http://www.nytimes.com/2013/07/18/boomi ... .html?_r=0
The New York Times
July 18, 2013
My Night With Leonard Cohen
By ROZ WARREN
It was 1975. My pal Anne and I were waiting in line outside a Chicago club where Leonard Cohen would perform that night, when Mr. Cohen himself came around the corner, smiled at the two of us, then continued inside.
“Did you see that?” I said. “He noticed us!”
“We must be his type,” Anne said. “Or one of them, anyway.”
I was a nice Jewish girl from suburban Detroit. Anne was a minister’s daughter from Ohio. We were both juniors at the University of Chicago. My guitar-playing boyfriends had been courting me with “Sisters of Mercy" and “Famous Blue Raincoat” since high school, and I was eager to check out the real deal. Anne was a sometimes folksinger who often performed Mr. Cohen’s songs herself, her lovely soprano accompanied with somewhat haphazard guitar playing.
The club was packed and the show was terrific. Pulling into traffic afterward, we realized that Mr. Cohen was riding in the car ahead of us. It was a big old station wagon, and Mr. Cohen and the drummer were in the back seat, facing us.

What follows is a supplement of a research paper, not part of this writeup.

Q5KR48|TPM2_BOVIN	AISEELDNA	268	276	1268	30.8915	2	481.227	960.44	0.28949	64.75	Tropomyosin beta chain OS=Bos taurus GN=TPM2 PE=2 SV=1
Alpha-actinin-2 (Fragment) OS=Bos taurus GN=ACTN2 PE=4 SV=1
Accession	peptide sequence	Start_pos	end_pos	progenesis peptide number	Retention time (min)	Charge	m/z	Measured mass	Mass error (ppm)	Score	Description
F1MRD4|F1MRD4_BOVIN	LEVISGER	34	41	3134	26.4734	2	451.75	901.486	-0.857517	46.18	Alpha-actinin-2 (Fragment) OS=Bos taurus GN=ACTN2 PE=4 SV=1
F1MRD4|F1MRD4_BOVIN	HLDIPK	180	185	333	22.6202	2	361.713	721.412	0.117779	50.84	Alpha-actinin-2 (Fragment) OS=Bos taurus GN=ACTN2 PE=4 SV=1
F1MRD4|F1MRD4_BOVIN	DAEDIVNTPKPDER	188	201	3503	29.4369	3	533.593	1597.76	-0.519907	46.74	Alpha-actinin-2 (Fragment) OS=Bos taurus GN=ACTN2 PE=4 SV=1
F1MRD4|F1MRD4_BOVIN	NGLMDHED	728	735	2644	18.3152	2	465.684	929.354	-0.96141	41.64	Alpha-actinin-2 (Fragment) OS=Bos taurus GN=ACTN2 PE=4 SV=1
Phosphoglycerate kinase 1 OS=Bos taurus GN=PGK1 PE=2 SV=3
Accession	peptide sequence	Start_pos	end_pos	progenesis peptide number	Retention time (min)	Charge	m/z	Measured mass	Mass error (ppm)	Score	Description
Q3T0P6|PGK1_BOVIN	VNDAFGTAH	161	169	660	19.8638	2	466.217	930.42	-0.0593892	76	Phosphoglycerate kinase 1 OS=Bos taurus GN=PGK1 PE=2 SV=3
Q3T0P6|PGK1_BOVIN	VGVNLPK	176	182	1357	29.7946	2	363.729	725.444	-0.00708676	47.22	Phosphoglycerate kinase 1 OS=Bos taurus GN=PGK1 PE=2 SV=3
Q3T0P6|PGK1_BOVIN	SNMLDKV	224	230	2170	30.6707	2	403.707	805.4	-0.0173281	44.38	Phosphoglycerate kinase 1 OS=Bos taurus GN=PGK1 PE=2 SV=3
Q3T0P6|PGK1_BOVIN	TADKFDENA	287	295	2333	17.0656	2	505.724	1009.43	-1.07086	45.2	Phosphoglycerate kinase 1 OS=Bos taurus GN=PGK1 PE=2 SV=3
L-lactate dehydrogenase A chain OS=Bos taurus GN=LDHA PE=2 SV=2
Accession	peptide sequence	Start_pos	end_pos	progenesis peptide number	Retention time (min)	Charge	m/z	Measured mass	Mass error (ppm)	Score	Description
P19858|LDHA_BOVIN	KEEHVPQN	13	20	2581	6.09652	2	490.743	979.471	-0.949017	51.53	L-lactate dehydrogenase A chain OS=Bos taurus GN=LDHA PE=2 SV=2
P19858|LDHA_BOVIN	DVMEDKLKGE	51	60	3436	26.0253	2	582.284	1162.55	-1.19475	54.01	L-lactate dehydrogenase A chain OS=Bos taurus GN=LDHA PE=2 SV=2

Giddy, we waved at them and mouthed the words, “Great show!”
At the next light, Mr. Cohen rolled down the window and called, “Follow us!”
“Are we really going to do this?” Anne asked as I steered through the dark city streets, zipping around corners and trying not to run stop signs.
“Why not?” I asked. Sure, it was past midnight and we were bone tired. But what an adventure!
And meeting Mr. Cohen would certainly be something cool to tell my folk-singing boyfriends about.
At a downtown diner, we all crowded into a large corner booth, and the drummer told us we had caught the singer’s eye because Anne was the spitting image of the chick who inspired “So Long, Marianne.”
We were so young and innocent that it didn’t even occur to us that he might be feeding us a line.
The rest of the band took off, leaving me and Anne with Mr. Cohen and the drummer. They griped about life on the road for a while, then Mr. Cohen drew us out, asking about our lives and the university.